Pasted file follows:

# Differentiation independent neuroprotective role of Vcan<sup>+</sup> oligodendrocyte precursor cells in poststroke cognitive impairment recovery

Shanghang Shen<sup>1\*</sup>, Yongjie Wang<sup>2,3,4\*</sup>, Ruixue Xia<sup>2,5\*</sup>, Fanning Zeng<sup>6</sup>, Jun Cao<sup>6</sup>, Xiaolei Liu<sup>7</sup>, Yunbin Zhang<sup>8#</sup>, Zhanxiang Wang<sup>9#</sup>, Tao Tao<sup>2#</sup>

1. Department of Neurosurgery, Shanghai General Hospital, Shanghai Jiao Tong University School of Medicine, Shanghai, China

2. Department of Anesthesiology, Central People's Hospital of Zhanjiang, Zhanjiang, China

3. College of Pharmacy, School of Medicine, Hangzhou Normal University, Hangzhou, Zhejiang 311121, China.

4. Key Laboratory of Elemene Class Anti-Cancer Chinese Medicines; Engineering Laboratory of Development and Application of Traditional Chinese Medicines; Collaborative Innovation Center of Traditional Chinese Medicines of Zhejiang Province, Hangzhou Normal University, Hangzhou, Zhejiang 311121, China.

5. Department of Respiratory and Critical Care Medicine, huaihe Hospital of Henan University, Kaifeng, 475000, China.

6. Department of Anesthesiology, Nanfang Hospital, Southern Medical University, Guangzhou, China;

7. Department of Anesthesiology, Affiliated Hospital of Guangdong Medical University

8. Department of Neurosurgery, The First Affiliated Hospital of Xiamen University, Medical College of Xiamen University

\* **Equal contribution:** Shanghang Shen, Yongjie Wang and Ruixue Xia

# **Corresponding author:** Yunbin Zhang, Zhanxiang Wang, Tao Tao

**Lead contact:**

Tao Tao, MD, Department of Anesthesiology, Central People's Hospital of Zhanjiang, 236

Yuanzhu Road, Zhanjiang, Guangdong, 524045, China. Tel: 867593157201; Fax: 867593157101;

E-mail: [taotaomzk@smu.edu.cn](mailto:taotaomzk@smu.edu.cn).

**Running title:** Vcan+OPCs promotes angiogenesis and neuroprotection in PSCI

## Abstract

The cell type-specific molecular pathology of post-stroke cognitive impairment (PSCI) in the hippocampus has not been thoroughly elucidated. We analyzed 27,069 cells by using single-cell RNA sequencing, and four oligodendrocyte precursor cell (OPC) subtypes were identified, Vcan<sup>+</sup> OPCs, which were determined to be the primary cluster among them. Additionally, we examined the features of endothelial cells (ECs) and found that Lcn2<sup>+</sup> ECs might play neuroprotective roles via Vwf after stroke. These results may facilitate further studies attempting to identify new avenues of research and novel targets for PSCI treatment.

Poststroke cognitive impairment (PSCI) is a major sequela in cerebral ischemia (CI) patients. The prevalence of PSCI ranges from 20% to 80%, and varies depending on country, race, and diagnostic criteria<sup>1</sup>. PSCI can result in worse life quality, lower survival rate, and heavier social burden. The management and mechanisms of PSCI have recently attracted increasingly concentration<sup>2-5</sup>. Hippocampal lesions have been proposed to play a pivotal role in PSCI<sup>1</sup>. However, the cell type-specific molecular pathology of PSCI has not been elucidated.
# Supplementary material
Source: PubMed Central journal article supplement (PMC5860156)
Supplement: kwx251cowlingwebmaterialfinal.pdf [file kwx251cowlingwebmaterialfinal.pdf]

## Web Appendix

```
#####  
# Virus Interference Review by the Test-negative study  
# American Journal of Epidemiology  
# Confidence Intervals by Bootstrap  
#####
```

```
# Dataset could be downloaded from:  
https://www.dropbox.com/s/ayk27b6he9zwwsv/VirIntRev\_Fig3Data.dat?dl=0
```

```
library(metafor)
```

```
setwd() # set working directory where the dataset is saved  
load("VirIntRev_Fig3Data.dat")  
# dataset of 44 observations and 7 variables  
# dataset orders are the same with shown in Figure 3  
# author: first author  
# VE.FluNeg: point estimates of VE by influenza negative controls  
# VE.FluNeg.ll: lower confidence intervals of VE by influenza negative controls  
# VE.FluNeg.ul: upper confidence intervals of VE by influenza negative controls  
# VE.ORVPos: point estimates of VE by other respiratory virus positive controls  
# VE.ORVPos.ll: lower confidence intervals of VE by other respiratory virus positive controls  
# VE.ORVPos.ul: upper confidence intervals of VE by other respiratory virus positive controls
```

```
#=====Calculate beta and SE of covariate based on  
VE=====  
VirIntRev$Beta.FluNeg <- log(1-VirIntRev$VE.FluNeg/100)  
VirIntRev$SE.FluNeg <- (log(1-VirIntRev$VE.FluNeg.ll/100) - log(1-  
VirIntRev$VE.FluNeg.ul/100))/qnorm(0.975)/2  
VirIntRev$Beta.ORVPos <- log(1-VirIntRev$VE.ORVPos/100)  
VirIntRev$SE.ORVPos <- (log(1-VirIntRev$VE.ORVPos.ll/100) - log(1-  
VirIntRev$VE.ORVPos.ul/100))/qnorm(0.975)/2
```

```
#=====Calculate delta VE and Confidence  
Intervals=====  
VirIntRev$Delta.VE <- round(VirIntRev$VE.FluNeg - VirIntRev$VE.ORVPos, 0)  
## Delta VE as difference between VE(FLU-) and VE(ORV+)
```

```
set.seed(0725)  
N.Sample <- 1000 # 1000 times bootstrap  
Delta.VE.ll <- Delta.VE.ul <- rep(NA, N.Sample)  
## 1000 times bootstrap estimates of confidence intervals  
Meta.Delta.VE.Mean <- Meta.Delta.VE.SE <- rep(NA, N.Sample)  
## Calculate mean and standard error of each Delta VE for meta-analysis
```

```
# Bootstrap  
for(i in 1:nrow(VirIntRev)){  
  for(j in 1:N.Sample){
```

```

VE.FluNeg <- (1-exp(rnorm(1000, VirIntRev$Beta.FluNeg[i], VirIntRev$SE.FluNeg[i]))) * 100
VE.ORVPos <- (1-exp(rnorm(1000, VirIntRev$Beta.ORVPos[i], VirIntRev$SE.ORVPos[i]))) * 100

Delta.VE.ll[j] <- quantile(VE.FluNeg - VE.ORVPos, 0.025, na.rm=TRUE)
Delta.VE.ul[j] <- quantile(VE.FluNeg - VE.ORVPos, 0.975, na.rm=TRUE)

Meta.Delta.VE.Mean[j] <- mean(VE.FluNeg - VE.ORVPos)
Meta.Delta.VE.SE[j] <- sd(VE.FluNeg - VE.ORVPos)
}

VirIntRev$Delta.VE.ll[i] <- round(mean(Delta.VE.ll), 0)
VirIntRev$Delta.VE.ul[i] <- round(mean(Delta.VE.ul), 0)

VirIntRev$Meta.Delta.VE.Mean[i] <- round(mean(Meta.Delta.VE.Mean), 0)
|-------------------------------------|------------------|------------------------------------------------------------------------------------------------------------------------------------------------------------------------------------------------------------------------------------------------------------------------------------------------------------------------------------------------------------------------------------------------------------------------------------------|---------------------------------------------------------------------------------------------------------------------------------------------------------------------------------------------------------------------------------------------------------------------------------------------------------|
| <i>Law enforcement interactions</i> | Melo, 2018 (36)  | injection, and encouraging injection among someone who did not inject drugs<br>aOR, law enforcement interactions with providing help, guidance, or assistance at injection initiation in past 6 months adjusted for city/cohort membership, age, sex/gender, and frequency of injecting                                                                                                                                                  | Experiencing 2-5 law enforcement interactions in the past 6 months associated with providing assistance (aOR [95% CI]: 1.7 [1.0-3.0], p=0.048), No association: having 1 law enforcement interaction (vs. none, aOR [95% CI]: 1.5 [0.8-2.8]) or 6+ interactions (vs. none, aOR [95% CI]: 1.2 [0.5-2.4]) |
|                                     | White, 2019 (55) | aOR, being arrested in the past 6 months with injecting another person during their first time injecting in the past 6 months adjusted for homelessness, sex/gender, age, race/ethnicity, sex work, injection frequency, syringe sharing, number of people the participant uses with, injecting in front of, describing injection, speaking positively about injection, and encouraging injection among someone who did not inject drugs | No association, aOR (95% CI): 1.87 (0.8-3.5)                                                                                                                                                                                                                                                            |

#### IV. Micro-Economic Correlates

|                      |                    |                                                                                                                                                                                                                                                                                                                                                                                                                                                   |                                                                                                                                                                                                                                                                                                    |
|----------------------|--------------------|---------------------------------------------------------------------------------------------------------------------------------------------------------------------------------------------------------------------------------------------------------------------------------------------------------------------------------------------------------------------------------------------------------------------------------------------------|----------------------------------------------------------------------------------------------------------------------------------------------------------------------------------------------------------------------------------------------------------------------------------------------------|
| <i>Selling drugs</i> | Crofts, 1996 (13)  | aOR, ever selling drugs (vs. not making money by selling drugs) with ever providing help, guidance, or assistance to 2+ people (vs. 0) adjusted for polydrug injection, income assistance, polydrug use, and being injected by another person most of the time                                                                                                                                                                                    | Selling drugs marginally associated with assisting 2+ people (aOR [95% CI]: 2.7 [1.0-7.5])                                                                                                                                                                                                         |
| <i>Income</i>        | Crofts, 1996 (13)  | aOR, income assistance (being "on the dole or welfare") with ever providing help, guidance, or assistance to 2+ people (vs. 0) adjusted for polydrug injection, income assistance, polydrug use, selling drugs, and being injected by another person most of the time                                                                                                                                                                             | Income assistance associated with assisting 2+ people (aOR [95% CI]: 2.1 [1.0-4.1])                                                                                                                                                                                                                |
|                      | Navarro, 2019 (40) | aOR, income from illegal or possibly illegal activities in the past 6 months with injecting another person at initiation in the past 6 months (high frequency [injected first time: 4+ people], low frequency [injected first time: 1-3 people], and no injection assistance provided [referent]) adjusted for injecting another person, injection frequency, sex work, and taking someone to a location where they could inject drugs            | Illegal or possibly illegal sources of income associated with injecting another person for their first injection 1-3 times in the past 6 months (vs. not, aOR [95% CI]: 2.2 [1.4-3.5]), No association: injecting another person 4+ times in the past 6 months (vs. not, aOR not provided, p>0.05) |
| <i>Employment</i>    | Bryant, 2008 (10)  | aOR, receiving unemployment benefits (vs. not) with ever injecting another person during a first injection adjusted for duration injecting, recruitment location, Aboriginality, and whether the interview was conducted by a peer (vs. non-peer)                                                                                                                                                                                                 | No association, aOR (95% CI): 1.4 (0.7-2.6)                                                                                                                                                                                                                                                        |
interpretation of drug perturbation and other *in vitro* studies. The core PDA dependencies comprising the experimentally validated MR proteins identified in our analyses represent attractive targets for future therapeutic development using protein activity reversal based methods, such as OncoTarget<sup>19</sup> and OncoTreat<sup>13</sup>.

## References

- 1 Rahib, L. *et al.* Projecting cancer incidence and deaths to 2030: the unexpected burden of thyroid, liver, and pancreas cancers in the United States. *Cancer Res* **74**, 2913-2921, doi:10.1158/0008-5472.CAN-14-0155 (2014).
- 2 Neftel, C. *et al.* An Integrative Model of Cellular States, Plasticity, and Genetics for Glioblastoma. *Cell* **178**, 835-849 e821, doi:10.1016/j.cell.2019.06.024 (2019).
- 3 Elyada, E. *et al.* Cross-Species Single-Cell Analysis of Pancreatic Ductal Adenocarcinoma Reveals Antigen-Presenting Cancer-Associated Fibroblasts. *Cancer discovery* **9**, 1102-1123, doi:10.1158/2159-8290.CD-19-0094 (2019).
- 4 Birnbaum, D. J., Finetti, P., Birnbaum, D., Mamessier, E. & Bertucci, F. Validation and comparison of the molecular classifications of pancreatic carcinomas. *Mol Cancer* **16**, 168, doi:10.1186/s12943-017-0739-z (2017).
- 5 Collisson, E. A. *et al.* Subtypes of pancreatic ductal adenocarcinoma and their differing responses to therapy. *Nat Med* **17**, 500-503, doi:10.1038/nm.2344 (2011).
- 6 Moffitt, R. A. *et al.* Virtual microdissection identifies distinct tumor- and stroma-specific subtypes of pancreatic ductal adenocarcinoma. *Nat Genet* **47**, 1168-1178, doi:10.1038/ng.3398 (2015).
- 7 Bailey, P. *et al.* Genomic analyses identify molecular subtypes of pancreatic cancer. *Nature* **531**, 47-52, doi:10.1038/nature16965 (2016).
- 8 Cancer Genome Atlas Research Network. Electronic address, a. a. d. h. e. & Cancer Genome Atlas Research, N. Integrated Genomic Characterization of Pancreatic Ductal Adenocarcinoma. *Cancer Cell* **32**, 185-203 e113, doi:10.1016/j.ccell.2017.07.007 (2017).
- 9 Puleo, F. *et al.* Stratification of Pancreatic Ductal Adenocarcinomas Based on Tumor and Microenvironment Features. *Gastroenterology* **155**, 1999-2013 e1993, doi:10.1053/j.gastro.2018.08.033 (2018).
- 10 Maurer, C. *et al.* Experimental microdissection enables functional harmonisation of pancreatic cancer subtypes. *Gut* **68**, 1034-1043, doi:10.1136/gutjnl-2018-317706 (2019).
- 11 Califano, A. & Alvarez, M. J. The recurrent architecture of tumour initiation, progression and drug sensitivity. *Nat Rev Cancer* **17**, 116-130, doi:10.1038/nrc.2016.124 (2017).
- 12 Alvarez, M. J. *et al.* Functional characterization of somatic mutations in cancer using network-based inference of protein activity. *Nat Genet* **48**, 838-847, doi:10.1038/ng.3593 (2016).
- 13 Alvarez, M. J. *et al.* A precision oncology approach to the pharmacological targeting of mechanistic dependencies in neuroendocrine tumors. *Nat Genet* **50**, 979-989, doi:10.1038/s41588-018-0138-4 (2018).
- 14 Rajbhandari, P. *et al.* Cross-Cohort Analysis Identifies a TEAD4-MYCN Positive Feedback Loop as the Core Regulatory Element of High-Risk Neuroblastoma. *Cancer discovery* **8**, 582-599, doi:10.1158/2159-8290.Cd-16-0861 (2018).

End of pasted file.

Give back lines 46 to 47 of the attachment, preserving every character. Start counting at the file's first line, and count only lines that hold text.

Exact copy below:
# VE.FluNeg.ll: lower confidence intervals of VE by influenza negative controls  
# VE.FluNeg.ul: upper confidence intervals of VE by influenza negative controls  